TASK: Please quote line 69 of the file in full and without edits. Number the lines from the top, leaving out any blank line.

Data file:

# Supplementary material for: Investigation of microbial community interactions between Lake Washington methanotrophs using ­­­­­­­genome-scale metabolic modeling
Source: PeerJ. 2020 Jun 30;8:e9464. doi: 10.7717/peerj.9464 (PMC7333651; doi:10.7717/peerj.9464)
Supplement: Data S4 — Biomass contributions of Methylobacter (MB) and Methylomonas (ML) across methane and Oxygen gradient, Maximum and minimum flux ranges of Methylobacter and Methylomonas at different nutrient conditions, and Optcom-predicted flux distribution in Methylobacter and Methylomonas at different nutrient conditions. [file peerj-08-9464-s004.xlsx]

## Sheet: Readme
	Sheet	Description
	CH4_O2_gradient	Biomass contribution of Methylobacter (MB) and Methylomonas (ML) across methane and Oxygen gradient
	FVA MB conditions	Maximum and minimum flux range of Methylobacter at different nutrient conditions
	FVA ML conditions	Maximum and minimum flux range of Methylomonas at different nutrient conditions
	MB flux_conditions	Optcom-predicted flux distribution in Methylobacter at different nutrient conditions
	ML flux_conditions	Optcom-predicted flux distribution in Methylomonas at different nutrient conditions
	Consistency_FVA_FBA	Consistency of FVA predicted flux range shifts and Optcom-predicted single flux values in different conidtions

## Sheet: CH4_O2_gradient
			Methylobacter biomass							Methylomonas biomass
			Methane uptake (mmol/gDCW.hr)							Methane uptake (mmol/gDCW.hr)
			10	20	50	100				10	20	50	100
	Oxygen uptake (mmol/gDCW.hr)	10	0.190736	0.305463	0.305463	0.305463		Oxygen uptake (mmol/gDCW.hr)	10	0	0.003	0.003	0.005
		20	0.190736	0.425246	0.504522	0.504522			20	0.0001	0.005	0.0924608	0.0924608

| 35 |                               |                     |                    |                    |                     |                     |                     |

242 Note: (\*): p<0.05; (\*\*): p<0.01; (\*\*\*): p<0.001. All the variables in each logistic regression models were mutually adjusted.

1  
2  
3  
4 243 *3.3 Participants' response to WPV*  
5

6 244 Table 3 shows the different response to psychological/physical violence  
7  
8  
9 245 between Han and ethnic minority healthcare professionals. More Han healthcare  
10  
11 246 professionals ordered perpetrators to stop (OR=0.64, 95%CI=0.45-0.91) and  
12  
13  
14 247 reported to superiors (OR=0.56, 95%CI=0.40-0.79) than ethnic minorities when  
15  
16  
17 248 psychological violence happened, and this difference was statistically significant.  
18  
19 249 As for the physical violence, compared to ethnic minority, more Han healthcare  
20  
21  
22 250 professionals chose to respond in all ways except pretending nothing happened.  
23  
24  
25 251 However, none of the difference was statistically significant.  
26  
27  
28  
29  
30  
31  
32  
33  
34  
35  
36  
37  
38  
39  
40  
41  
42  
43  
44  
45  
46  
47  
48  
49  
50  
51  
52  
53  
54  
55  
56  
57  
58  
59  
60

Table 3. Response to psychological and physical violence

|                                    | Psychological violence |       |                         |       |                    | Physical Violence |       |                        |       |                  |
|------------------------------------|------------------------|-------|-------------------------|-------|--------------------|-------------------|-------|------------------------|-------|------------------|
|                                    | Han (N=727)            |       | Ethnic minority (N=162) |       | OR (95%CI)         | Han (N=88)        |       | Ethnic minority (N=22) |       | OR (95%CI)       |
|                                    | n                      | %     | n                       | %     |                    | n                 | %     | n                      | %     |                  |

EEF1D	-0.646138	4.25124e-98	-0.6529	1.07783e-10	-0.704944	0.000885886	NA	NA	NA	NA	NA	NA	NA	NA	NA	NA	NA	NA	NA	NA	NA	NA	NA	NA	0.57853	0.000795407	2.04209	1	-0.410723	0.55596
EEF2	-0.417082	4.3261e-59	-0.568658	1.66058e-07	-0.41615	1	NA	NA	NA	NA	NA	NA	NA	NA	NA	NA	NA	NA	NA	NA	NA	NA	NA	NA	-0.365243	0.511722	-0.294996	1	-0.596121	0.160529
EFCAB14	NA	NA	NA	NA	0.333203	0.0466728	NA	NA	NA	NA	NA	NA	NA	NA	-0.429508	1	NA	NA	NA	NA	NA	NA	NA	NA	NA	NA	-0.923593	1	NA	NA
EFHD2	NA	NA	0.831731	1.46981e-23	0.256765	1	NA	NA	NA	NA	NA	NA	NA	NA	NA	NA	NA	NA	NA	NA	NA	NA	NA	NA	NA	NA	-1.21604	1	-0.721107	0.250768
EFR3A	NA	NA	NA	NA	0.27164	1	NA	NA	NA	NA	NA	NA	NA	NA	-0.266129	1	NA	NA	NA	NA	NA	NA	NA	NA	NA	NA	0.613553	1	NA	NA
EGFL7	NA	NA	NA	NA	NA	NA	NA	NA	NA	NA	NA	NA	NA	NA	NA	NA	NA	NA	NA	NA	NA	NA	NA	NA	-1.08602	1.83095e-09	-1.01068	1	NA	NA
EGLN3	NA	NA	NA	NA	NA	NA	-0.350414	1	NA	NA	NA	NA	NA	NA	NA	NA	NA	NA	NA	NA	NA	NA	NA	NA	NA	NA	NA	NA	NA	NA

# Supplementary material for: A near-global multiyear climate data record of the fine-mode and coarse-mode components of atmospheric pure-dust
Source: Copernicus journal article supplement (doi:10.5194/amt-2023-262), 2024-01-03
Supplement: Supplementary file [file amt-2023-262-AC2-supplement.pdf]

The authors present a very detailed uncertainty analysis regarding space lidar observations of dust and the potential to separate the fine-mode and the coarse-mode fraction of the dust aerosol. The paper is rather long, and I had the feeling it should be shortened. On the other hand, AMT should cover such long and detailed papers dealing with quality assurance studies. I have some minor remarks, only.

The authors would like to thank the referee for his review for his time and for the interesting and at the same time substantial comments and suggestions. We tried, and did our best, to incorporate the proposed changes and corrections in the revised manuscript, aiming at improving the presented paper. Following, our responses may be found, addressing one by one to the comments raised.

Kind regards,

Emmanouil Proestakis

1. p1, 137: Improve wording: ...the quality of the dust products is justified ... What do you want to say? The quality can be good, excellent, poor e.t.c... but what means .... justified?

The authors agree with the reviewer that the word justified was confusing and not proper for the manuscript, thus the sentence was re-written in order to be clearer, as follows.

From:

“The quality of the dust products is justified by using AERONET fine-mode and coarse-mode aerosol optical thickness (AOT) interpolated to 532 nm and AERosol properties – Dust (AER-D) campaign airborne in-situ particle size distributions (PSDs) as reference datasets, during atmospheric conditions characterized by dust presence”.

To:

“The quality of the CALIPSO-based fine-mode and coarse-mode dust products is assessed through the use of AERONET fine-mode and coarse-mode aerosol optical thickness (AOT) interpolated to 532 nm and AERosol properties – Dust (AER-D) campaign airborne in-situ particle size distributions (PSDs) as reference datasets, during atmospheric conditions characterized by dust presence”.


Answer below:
50  